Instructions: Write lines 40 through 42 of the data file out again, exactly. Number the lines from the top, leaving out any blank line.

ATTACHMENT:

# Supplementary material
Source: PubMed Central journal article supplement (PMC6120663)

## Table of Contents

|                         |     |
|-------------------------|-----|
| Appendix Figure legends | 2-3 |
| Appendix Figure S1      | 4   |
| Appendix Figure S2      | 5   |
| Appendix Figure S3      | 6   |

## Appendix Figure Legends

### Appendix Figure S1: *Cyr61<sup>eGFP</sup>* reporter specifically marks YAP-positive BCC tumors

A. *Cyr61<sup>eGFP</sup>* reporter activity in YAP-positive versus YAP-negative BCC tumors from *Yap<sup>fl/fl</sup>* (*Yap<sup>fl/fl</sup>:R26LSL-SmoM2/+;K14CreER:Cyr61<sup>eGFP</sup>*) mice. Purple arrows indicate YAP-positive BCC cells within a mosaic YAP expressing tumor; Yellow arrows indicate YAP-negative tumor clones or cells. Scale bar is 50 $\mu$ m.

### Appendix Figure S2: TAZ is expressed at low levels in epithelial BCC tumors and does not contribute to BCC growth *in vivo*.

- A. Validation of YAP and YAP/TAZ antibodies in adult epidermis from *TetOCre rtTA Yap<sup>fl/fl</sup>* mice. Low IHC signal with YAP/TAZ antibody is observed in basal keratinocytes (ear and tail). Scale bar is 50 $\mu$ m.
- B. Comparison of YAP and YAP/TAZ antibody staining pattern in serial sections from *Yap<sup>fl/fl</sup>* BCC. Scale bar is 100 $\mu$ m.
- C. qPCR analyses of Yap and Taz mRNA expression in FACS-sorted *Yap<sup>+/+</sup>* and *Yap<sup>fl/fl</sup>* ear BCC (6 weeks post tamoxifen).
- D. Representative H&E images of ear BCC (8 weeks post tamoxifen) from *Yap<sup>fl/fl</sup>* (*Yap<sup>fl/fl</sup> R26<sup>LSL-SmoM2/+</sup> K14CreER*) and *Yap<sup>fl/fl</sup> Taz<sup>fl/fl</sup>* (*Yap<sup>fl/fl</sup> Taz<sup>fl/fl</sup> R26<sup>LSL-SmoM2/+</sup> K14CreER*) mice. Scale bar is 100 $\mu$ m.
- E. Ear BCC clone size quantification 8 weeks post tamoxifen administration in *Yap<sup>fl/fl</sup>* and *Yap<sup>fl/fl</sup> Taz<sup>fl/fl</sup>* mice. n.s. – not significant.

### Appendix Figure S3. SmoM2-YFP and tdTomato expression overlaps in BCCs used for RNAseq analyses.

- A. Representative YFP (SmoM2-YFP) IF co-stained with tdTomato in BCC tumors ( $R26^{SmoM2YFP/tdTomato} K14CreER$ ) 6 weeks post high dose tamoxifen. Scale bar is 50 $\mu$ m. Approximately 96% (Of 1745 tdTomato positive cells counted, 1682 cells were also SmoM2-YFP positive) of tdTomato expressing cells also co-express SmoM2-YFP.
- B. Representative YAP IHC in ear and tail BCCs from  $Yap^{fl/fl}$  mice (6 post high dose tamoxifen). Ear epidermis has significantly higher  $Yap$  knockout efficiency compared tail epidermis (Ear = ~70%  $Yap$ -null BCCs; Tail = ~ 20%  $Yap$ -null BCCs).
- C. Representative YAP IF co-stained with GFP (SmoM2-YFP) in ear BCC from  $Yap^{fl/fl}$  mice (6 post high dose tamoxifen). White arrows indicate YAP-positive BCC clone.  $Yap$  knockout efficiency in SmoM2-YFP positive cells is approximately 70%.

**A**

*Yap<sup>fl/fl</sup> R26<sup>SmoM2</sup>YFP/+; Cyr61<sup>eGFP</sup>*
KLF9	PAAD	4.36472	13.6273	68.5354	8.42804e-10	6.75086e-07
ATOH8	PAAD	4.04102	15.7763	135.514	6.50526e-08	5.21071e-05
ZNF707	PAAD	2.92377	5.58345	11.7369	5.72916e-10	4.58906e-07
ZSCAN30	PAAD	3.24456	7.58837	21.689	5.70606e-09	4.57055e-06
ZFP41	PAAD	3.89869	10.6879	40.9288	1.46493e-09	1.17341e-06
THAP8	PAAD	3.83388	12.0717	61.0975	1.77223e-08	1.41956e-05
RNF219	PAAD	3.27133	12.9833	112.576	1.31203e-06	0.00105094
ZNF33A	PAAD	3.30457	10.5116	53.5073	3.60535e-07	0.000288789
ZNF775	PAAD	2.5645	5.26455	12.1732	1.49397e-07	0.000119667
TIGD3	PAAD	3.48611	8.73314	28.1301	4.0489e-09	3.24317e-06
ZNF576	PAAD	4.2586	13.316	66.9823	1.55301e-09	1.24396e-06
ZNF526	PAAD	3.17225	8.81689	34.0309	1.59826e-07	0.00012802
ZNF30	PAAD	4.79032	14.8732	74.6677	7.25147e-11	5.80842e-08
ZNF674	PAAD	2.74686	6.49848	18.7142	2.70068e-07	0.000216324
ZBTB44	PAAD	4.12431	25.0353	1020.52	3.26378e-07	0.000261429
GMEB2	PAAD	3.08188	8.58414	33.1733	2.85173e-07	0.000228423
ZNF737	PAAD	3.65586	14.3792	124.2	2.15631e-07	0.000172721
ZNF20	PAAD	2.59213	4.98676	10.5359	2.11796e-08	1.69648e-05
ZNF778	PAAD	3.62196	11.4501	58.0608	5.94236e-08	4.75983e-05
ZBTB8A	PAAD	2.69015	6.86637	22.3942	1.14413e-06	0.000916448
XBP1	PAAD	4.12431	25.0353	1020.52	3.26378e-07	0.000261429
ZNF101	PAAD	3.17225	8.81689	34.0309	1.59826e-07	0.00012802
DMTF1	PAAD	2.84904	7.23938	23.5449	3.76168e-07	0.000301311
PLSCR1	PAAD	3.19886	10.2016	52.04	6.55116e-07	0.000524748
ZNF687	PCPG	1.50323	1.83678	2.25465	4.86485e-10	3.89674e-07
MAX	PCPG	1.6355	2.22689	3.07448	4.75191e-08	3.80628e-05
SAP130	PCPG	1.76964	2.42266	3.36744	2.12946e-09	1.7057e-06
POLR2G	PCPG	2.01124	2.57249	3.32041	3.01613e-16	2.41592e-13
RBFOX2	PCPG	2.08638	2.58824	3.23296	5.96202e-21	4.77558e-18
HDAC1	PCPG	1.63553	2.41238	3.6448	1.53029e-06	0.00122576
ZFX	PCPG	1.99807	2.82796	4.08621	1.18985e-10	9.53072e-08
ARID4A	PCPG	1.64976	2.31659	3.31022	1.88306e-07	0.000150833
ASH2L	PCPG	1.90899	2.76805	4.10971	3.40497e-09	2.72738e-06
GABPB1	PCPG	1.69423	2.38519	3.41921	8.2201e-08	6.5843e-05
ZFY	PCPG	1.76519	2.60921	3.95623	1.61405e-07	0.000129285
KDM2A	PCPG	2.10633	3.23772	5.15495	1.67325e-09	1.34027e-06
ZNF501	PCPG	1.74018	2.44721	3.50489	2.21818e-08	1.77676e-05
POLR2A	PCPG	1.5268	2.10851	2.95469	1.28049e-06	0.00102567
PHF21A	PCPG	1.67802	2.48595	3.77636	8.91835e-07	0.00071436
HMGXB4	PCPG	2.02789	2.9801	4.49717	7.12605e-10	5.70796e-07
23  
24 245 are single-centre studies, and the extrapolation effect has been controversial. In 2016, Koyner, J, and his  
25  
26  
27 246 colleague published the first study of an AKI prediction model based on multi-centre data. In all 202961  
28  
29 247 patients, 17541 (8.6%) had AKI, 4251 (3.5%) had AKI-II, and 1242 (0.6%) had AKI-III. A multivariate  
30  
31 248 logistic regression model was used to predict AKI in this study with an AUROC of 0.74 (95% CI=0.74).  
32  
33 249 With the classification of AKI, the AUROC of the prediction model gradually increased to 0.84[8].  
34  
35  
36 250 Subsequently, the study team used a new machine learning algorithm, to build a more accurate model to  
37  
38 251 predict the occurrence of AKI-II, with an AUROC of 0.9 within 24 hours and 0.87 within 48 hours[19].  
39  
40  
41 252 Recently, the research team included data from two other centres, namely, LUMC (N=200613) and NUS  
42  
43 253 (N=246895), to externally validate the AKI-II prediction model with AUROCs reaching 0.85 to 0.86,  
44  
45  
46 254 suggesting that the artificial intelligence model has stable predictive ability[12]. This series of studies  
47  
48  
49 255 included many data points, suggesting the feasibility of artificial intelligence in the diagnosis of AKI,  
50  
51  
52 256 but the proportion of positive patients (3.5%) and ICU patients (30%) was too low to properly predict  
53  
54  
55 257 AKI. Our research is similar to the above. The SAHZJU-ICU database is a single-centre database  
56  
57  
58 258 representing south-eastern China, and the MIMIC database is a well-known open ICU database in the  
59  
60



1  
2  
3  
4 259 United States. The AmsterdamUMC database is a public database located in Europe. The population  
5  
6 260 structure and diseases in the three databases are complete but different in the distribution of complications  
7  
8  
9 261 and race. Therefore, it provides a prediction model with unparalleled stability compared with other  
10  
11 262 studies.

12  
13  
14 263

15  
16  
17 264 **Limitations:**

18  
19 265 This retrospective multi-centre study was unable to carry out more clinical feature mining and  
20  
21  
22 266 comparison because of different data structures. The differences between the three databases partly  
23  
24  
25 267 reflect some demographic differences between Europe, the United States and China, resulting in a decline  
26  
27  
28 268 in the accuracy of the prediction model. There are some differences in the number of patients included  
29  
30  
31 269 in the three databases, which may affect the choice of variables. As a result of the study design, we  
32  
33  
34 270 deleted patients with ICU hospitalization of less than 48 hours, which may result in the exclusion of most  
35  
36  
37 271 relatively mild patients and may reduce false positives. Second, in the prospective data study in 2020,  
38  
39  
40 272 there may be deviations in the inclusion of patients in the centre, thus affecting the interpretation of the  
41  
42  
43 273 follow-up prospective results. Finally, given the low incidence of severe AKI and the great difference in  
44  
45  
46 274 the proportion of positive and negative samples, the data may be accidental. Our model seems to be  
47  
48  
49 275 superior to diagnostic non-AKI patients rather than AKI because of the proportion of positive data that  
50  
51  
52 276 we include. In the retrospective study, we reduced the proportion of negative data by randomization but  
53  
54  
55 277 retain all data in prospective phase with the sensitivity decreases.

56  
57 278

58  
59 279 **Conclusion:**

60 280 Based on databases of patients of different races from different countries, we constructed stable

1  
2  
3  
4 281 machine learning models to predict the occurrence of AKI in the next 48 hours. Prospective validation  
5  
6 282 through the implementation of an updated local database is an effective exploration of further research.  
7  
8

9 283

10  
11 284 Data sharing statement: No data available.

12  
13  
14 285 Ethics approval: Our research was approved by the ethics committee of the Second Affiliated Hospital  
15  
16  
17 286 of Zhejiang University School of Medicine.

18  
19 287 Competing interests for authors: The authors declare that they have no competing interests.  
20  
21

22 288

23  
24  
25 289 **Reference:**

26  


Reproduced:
GMEB2	PAAD	3.08188	8.58414	33.1733	2.85173e-07	0.000228423
ZNF737	PAAD	3.65586	14.3792	124.2	2.15631e-07	0.000172721
ZNF20	PAAD	2.59213	4.98676	10.5359	2.11796e-08	1.69648e-05